Guiding custom code changes with GTInspector

In a recent post on the Moose mailing list, Alex talks about how he guided a code migration in Pharo by means of a visualization. The code in question was Graph-ET, the charting engine, and he wanted to port it from Roassal to Roassal2 (the visualization engine of Moose). Essentially, he needed to browse all references to Roassal classes and choose the corresponding class from Roassal2.

In his case, he constructed a FAMIX model out of the Pharo code, and wrote a visualization that highlighted the methods to be refactor ed within the entire class hierarchy. By making the visualization interactive, he could simply click on the method and go change the associated code.


This is certainly a possibility and it already provides a productivity boost. The approach applies equally well to Pharo and other languages, like Java. However, when working in Pharo we can now support this use case better and cheaper.

But first, why is this use case relevant? Because when the changes you have to perform are larger, you need a to do list to keep track of the progress and to make sure you are not forgetting anything. This is a classic migration problem.

So, let’s see what the requirements are. We need to find all methods from Graph-ET that have a reference to classes called RO*. We do not need FAMIX for this. We can directly query the Pharo code model.

(RPackageOrganizer default packageNamed: 'Graph-ET')
     allMethodReferences select: [ :each |
          each method literalStrings anySatisfy: [ :literal |
               literal notNil and: [literal beginsWith: 'RO' ] ] ]

The script above retrieves the list of RGMethodDefinitions objects pointing to the interesting methods for our case. And now, just inspect.

The cool thing is that you can preview the source code in the inspector, and you can even modify the code right there without extra menus and windows. Essentially, you get a highly focused code browser (see attached).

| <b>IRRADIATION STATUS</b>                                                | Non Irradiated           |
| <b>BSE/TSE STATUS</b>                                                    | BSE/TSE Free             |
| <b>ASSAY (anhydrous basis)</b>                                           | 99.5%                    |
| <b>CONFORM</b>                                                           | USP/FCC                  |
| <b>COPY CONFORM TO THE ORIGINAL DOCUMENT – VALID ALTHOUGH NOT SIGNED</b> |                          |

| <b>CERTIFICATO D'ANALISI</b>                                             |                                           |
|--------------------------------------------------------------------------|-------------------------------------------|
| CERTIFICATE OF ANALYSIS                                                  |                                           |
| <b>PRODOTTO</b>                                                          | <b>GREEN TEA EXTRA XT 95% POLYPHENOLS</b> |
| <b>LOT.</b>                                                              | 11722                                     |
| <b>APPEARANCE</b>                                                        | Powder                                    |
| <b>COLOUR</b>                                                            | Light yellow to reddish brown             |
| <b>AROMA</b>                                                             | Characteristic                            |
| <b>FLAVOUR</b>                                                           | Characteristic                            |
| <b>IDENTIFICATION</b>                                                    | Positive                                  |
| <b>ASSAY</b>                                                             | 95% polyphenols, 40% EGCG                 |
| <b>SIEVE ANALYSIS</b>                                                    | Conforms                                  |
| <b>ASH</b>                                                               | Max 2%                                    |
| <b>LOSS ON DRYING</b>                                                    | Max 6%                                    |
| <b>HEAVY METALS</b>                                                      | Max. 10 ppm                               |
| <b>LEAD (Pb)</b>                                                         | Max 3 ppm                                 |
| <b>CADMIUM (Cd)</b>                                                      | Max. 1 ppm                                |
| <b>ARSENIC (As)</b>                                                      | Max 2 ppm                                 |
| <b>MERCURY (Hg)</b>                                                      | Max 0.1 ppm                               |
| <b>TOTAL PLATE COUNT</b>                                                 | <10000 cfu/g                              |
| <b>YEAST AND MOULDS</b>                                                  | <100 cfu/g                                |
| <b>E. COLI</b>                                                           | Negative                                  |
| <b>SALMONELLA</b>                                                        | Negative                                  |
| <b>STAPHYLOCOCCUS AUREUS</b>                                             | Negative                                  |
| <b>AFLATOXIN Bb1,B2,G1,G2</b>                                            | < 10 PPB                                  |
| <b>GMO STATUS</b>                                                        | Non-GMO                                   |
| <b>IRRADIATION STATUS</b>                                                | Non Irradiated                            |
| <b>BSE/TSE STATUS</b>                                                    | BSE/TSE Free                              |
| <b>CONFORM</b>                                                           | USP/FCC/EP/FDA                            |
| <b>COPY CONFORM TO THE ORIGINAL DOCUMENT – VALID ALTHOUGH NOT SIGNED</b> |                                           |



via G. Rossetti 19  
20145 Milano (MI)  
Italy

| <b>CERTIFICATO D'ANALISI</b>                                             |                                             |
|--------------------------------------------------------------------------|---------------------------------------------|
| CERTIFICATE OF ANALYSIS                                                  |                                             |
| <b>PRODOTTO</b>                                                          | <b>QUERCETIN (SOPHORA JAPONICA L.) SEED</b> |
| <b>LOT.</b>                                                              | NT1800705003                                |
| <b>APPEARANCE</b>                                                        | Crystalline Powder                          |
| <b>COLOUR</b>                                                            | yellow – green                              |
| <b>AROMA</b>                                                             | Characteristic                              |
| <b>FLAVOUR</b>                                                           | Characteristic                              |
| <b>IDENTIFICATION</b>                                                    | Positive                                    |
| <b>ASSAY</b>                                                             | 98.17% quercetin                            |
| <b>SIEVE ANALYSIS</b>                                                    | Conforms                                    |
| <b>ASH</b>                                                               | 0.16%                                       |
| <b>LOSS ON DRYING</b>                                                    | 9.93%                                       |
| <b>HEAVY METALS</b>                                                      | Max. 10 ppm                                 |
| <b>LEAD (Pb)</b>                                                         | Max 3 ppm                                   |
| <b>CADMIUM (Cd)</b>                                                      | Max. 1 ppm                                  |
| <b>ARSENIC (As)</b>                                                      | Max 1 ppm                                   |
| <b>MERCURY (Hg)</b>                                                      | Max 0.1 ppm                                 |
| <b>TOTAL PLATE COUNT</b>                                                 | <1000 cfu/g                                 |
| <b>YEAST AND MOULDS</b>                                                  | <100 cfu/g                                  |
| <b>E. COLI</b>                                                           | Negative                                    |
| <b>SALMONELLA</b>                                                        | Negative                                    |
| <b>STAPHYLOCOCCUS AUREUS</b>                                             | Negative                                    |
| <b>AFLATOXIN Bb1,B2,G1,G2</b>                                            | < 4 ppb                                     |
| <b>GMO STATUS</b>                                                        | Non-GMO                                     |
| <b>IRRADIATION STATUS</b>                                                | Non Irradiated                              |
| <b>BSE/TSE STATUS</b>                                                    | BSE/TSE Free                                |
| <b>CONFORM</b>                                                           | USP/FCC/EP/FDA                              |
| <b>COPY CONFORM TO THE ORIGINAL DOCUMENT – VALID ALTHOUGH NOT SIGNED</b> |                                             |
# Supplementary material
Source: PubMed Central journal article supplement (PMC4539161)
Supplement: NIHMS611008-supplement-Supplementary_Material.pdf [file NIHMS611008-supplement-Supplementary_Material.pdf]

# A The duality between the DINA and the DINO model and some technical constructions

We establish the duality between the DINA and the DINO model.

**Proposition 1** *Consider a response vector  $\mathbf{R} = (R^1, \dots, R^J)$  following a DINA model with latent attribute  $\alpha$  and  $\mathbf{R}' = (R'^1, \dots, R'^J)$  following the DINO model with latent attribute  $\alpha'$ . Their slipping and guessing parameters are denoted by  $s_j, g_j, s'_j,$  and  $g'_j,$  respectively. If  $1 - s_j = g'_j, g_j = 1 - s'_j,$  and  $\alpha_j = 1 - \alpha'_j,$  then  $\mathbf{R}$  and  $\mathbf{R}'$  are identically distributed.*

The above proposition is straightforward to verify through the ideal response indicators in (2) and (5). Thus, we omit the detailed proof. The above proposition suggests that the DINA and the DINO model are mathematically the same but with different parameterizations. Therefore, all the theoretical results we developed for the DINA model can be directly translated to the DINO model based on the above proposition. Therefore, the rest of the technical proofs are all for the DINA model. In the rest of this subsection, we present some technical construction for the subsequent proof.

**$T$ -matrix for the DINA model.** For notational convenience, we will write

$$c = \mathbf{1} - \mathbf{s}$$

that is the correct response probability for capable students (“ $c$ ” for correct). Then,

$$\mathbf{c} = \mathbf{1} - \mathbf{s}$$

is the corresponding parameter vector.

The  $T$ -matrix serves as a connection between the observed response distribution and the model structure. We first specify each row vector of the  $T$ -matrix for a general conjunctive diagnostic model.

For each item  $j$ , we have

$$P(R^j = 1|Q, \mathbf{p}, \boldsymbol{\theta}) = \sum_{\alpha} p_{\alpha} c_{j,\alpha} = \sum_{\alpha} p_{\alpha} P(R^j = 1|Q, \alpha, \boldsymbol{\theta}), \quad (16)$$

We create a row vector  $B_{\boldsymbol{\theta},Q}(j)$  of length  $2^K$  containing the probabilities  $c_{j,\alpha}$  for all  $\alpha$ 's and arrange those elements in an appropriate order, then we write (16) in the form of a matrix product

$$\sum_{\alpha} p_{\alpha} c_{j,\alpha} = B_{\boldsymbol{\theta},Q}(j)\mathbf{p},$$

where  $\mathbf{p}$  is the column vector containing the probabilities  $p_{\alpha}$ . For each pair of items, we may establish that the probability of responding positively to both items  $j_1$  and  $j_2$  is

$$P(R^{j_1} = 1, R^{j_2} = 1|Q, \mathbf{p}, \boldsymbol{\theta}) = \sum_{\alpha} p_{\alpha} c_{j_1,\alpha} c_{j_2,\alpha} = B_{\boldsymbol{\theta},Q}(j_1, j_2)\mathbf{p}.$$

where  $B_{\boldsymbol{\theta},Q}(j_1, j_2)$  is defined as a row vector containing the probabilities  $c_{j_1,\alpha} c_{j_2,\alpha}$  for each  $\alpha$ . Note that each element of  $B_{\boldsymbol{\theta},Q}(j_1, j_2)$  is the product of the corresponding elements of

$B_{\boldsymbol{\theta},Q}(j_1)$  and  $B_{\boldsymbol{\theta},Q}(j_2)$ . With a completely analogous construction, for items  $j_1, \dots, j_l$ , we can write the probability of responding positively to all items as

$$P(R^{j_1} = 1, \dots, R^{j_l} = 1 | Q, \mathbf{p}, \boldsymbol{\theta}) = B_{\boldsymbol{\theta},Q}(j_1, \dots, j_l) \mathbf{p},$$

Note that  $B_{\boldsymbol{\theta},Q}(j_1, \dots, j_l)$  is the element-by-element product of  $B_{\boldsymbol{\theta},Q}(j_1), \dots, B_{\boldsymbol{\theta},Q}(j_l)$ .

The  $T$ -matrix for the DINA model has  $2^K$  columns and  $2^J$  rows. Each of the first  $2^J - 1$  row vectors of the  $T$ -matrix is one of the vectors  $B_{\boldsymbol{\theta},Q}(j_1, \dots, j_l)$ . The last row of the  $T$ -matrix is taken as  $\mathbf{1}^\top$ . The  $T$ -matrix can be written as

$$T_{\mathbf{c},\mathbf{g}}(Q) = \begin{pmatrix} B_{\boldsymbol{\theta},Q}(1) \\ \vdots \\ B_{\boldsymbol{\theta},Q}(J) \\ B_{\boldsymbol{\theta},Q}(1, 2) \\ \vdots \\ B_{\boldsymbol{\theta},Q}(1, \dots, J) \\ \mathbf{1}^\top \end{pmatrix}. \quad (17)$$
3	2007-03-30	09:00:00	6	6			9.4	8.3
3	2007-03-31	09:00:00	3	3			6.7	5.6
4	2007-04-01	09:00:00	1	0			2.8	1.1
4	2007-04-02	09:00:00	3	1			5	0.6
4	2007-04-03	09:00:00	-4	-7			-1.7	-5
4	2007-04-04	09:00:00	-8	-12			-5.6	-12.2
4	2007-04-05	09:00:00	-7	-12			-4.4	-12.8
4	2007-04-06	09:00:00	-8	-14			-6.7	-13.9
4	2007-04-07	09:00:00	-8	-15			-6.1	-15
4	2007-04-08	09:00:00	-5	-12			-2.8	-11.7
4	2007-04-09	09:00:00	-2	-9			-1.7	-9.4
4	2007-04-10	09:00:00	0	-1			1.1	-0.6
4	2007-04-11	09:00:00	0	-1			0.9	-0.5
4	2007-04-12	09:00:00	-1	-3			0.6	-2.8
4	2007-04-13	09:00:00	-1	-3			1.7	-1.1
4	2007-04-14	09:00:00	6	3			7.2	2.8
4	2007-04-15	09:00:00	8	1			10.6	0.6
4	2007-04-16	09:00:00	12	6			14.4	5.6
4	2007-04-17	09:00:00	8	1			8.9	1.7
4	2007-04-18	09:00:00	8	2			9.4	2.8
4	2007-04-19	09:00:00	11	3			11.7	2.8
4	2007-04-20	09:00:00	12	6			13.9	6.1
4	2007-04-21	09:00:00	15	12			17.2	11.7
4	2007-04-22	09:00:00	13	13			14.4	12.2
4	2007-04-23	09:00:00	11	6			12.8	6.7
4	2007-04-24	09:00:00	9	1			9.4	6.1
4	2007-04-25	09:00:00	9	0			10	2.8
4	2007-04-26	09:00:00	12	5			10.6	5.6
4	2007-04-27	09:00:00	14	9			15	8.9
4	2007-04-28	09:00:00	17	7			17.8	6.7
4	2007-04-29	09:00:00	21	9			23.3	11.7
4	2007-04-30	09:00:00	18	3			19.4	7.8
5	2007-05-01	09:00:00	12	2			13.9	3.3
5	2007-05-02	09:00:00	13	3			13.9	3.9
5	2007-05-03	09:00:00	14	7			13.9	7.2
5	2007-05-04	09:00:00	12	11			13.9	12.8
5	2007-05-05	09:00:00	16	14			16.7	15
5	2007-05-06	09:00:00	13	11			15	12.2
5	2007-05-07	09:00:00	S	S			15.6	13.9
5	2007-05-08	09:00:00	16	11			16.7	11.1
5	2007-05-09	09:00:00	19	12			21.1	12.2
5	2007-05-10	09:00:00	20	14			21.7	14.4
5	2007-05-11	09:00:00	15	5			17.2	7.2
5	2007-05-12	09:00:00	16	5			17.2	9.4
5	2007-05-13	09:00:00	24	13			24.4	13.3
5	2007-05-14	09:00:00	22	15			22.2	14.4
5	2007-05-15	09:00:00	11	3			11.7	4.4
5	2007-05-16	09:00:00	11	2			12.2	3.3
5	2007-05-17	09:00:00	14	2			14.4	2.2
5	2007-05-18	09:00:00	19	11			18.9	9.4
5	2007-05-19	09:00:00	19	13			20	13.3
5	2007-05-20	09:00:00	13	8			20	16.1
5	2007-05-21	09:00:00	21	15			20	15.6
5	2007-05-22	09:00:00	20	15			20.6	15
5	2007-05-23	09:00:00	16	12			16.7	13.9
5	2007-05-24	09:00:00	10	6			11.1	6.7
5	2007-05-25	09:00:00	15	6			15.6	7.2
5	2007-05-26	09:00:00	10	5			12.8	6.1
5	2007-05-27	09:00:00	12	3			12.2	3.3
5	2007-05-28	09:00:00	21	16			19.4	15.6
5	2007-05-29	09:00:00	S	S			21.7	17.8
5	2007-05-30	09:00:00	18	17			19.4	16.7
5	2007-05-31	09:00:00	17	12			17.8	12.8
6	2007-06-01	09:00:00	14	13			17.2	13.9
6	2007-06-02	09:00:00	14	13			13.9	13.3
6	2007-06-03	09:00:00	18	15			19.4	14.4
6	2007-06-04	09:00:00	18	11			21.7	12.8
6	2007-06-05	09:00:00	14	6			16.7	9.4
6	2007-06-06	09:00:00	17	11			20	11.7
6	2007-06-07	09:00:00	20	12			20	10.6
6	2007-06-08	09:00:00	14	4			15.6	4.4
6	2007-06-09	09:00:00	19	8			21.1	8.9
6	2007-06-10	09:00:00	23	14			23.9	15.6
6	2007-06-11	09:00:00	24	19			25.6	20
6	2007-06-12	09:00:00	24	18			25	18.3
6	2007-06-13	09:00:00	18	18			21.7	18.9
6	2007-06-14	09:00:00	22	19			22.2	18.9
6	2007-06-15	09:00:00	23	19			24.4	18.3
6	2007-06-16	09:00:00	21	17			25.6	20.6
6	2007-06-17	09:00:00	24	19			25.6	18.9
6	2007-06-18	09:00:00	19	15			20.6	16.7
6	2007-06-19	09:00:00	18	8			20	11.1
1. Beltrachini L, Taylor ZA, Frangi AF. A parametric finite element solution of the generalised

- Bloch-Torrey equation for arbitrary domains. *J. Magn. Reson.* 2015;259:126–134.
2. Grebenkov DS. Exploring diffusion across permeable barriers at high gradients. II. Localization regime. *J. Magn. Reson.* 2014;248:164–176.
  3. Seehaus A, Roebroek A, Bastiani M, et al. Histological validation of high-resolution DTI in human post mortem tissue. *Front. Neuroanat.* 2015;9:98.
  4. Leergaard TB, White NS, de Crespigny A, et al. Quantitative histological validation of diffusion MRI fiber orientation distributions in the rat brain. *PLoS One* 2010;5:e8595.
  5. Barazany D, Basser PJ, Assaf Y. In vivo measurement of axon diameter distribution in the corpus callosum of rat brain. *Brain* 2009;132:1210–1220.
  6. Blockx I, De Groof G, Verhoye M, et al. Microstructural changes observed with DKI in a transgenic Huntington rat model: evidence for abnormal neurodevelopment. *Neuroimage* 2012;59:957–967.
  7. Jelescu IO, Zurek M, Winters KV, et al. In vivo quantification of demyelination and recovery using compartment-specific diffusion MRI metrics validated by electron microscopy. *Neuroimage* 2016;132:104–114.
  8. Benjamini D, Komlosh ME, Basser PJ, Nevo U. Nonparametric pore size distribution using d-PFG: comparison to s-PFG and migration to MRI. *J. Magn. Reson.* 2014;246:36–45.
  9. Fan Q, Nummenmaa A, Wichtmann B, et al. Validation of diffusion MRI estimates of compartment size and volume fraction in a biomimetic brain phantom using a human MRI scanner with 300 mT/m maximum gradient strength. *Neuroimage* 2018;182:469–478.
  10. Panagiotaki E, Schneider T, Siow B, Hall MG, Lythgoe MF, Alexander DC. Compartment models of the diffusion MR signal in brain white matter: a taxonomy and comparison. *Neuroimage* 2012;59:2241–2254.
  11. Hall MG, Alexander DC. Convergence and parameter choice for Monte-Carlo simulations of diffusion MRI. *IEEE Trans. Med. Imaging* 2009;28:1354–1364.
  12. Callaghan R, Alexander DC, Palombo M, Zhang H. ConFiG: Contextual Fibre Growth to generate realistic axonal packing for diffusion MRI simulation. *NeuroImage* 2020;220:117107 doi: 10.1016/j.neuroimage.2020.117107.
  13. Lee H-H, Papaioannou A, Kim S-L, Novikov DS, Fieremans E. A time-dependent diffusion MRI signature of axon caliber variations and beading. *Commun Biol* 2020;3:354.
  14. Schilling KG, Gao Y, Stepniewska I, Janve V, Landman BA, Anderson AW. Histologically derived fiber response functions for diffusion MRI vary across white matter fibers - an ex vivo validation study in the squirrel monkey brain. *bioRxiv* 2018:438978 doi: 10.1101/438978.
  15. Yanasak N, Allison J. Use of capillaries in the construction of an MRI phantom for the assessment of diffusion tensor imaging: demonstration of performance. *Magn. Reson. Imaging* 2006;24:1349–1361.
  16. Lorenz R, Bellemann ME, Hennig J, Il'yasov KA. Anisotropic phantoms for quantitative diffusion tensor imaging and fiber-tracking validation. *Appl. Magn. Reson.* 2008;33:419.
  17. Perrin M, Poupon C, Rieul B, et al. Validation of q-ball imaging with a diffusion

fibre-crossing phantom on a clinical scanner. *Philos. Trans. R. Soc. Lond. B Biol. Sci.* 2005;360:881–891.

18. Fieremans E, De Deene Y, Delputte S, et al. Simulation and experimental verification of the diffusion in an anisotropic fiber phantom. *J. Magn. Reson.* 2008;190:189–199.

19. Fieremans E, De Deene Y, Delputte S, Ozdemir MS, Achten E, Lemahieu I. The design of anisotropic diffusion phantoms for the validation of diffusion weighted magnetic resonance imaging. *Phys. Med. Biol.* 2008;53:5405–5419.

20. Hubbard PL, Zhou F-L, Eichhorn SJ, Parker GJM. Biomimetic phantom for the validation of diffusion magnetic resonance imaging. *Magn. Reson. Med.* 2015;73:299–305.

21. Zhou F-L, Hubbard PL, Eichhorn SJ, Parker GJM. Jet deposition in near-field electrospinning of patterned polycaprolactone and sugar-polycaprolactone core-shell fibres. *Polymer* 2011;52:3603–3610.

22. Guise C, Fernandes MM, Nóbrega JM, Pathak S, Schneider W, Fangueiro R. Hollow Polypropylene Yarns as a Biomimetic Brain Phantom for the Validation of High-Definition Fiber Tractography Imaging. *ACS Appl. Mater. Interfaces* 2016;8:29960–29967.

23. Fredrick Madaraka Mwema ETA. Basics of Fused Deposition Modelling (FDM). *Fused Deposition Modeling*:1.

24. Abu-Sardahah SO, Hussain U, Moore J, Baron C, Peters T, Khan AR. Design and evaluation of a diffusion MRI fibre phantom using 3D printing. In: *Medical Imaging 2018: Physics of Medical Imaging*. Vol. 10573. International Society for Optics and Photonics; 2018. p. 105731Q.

Of course, you can also create a visualization, if you want. For example, you can inspect the below code:

| view |
view := ROMondrianViewBuilder new.
     nodes: (RPackageOrganizer default packageNamed: 'Graph-ET') classes
     forEach: [:cls |
          view shape rectangle
               if: [ :m | m method literalStrings anySatisfy: [ :literal |
                    literal notNil and: [literal beginsWith: 'RO' ]]]
               fillColor: Color red.
          view nodes: (cls methods collect: #asRingDefinition).
          view gridLayout ].
view edgesFrom: #superclass.
view narrowTreeLayout.

And if you click on each method (small square), you again get the editor to the right.


There are things to improve here. For example, the list of items is not casually connected with the code editor, and thus, it does not update when you modify the code. Another thing is that Ring should offer a more concise API (for example, in our case, we had to go through literals to find references to classes).

Still, the existing solution is already useable and useful. And, it does not end here either.

Let’s consider a slightly more complicated problem. While working on a new implementation of CodeCity with Ricky, we stumbled across a similar problem. Long story short, all methods that ended with For: from the CCShape hierarchy had to be changed to work with aNode and not with anObject (details do not quite matter, but aNode is a visual wrapper around anObject). This can be solved similarly as the one above.

     withDeep: #subclasses
     flatCollect: [ :each |
          each methods select: [ :m |
               m selector endsWith: 'For:' ] ]) collect: #asRingDefinition

Executing the script, reveals the list of methods we could work through.


However, in our case, we also needed to ensure that the senders of the target methods are modified as well to pass the node and not the raw object. To look for senders, we can stay in the inspector and simply switch to the senders pane. Again, selecting a method in the senders pane provides an editor to the right.


In this case, too, we could improve the tool. For example, given that the two panes are not casually connected, the sender code is not highlighted on the previewed source code (verticesFor:).

Nevertheless, the existing GTInspector is simple and it already offers an unexpected solution for a common use case. The only thing you have to do is write the query to obtain your methods. Everything else comes out of the box.

This is humane assessment at its very best.

Posted by Tudor Girba at 3 January 2014, 1:09 pm with tags tooling, story, moose, assessment, spike, pharo link